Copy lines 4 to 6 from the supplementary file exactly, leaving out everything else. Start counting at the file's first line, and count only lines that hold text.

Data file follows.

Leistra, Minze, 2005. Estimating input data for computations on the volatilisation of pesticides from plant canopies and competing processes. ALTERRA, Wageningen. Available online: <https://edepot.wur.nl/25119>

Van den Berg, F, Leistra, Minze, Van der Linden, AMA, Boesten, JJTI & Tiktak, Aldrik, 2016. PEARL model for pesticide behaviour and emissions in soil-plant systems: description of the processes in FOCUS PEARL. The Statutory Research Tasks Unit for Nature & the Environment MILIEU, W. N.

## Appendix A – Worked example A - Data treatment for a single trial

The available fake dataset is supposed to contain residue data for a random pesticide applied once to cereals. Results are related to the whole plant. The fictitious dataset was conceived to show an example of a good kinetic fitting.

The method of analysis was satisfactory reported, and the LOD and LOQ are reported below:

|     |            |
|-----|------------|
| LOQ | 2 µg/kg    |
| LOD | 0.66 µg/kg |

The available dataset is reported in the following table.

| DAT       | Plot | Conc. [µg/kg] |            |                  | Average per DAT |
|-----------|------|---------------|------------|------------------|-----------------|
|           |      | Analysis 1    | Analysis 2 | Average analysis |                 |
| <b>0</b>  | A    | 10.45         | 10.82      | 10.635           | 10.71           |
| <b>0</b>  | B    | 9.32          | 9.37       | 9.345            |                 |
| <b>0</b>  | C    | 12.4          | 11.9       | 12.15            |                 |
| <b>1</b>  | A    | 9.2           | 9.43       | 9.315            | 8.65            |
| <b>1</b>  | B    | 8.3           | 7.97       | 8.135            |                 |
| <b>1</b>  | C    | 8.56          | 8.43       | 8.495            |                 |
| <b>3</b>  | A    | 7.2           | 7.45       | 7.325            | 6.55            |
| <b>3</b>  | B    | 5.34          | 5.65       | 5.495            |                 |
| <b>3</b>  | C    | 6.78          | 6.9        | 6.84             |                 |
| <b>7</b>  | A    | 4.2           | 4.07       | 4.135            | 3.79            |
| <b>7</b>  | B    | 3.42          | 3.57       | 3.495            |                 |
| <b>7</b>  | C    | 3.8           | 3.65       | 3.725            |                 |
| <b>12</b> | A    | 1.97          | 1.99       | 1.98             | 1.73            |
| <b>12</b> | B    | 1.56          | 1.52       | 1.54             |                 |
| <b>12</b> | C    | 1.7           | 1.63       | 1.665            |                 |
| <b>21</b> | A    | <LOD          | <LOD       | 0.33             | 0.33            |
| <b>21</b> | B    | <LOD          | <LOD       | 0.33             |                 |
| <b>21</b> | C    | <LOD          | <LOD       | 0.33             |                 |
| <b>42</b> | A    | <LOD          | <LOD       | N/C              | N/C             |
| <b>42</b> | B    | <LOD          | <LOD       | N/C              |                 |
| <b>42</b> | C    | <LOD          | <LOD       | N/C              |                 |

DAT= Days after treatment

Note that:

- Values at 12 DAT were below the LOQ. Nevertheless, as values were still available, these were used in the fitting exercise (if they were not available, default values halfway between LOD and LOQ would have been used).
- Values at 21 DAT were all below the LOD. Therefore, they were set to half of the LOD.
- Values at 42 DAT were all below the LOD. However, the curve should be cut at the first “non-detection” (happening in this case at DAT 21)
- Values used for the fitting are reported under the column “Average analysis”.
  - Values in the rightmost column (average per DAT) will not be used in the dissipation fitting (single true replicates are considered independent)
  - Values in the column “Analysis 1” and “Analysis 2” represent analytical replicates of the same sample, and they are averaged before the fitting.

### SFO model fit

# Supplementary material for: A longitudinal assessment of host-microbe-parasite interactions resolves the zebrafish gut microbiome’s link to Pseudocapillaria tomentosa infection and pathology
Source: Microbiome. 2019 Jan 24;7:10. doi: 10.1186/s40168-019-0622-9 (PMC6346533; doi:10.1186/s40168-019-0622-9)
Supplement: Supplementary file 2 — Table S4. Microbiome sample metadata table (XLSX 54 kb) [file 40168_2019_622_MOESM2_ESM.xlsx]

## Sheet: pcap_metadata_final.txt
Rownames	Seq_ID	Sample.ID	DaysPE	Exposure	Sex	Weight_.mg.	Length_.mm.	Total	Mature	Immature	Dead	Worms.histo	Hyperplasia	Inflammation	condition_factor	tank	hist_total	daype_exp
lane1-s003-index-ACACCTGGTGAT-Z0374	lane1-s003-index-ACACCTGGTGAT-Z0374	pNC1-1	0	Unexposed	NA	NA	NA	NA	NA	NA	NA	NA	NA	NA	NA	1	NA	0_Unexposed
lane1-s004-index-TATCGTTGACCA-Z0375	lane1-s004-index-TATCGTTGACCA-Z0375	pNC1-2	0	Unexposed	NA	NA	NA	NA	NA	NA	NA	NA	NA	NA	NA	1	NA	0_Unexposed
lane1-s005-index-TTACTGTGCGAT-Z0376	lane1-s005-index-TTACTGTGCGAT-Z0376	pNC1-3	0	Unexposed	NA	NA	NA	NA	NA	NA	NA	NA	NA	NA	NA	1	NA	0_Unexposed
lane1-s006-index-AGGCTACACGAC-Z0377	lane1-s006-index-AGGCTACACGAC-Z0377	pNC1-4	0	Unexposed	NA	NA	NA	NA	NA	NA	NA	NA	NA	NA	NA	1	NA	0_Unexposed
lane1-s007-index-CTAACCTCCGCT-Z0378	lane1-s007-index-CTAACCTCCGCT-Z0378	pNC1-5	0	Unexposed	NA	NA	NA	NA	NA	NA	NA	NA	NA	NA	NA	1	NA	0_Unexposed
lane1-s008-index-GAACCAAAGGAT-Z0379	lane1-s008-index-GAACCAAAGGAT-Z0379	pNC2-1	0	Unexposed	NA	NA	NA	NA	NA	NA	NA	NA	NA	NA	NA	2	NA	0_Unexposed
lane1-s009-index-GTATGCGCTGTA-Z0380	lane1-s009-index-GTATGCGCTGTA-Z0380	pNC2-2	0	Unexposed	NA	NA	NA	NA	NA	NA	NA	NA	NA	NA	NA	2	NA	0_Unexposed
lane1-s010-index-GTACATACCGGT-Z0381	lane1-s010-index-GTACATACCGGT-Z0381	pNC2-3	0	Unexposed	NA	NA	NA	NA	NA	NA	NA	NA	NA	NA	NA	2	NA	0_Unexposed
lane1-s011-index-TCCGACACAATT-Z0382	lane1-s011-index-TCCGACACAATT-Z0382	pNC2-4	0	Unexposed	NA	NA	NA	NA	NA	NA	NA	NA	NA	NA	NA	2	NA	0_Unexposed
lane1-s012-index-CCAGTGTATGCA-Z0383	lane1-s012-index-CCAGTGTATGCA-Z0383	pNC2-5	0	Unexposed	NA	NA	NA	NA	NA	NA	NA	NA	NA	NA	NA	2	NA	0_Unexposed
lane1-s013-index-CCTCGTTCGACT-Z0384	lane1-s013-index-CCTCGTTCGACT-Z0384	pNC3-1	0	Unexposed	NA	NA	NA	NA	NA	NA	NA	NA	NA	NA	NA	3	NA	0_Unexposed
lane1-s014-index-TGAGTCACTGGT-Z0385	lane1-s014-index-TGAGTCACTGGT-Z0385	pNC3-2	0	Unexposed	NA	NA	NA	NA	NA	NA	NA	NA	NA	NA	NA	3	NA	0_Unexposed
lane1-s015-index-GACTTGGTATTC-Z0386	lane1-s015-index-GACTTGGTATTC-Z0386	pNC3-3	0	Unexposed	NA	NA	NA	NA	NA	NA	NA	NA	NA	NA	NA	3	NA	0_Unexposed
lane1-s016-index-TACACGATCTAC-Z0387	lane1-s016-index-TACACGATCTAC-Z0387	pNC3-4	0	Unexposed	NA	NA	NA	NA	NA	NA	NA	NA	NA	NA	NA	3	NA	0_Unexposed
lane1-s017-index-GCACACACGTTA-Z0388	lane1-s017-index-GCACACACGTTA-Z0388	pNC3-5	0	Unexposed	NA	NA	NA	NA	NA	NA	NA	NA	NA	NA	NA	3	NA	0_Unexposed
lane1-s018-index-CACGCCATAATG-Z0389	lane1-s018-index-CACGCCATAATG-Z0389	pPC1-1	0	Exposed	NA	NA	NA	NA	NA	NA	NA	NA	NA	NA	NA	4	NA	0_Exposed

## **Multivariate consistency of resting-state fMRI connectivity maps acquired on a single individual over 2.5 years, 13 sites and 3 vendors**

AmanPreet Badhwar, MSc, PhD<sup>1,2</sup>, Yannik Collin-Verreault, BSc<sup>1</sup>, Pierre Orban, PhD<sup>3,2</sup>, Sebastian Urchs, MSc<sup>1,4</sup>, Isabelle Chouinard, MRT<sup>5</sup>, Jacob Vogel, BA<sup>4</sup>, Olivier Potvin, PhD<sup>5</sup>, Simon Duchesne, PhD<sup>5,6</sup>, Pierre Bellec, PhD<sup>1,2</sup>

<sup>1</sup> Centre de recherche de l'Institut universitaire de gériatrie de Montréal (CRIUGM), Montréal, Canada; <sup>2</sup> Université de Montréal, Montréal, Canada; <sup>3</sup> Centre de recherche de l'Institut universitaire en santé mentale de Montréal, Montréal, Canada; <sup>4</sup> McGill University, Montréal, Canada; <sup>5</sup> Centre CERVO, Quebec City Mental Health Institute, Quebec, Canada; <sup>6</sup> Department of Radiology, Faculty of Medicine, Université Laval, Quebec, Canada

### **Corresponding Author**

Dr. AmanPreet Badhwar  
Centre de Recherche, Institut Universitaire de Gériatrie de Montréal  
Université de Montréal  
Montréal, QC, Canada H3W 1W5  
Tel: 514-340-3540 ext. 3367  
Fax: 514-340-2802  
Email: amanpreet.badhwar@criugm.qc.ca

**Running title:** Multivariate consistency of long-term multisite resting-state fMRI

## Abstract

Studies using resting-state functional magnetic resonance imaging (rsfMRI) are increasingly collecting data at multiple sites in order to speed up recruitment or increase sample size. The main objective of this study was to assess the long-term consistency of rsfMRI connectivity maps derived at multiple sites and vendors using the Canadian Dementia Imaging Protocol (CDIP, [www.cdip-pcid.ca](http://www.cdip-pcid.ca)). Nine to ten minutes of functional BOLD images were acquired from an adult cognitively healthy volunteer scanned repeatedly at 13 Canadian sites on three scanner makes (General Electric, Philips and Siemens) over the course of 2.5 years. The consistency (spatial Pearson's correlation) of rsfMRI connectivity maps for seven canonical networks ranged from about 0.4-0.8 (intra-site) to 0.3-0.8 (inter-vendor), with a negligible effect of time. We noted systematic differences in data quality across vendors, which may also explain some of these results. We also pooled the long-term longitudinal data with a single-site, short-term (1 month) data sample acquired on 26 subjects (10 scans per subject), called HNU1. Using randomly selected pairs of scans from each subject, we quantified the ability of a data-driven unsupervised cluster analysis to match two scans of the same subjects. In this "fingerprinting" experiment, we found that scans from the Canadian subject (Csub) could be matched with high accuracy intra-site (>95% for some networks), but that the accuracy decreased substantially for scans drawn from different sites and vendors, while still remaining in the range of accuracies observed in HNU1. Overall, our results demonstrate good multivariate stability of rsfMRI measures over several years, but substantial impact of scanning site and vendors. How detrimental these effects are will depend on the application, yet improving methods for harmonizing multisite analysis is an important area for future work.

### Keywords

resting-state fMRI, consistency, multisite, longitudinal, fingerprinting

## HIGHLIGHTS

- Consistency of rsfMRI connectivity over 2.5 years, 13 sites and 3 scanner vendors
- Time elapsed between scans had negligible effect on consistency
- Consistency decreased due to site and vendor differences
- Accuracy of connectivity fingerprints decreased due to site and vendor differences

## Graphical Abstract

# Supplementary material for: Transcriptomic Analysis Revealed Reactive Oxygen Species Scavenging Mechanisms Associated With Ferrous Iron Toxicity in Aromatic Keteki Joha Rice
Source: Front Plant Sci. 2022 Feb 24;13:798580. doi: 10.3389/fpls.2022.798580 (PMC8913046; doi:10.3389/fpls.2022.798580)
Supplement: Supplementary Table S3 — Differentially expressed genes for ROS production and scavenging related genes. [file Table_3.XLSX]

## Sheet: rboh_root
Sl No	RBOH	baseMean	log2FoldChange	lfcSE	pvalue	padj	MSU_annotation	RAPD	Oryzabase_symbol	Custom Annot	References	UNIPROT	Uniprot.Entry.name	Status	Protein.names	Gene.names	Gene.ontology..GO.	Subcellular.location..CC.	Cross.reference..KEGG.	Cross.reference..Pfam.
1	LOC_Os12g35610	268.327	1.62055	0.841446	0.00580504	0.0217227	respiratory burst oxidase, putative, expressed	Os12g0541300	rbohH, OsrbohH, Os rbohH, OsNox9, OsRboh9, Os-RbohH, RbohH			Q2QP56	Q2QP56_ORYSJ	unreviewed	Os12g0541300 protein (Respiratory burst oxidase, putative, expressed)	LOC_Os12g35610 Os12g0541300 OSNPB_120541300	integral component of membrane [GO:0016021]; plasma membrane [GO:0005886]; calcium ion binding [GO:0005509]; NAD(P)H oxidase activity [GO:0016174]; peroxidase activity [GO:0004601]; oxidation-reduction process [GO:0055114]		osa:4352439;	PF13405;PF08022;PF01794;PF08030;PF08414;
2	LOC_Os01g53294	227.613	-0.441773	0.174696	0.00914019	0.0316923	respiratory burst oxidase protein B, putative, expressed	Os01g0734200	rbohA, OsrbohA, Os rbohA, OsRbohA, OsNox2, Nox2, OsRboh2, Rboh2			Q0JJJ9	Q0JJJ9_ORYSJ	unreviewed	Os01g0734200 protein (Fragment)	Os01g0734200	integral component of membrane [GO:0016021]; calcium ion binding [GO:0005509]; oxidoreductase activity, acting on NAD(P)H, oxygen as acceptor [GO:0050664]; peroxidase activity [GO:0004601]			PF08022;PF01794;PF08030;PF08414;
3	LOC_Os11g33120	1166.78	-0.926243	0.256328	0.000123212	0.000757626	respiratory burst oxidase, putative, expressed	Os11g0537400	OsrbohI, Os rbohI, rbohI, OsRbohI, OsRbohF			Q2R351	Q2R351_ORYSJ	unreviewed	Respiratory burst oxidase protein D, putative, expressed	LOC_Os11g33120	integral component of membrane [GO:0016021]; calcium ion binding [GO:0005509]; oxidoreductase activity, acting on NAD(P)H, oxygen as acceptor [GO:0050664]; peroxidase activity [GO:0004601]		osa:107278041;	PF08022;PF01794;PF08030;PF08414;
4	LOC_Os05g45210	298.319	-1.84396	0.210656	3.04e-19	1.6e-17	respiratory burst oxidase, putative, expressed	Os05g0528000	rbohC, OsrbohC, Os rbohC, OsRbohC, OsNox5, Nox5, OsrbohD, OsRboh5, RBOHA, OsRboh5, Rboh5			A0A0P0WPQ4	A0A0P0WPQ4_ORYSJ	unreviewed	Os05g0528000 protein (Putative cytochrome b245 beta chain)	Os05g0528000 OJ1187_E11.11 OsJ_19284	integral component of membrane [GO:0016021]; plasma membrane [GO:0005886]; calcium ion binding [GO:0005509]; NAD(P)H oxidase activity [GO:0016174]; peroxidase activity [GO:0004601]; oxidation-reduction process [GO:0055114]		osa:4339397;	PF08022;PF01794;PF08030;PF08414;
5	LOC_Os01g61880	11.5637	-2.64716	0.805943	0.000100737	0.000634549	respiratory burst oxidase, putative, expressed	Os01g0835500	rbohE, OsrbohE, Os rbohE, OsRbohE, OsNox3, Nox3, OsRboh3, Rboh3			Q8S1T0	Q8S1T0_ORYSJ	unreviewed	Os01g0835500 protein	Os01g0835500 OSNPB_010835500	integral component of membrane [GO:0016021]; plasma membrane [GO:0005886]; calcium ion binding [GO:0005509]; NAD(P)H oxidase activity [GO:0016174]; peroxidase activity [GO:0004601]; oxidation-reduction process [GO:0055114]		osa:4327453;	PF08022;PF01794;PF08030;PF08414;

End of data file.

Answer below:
The available fake dataset is supposed to contain residue data for a random pesticide applied once to cereals. Results are related to the whole plant. The fictitious dataset was conceived to show an example of a good kinetic fitting.

The method of analysis was satisfactory reported, and the LOD and LOQ are reported below:

|     |            |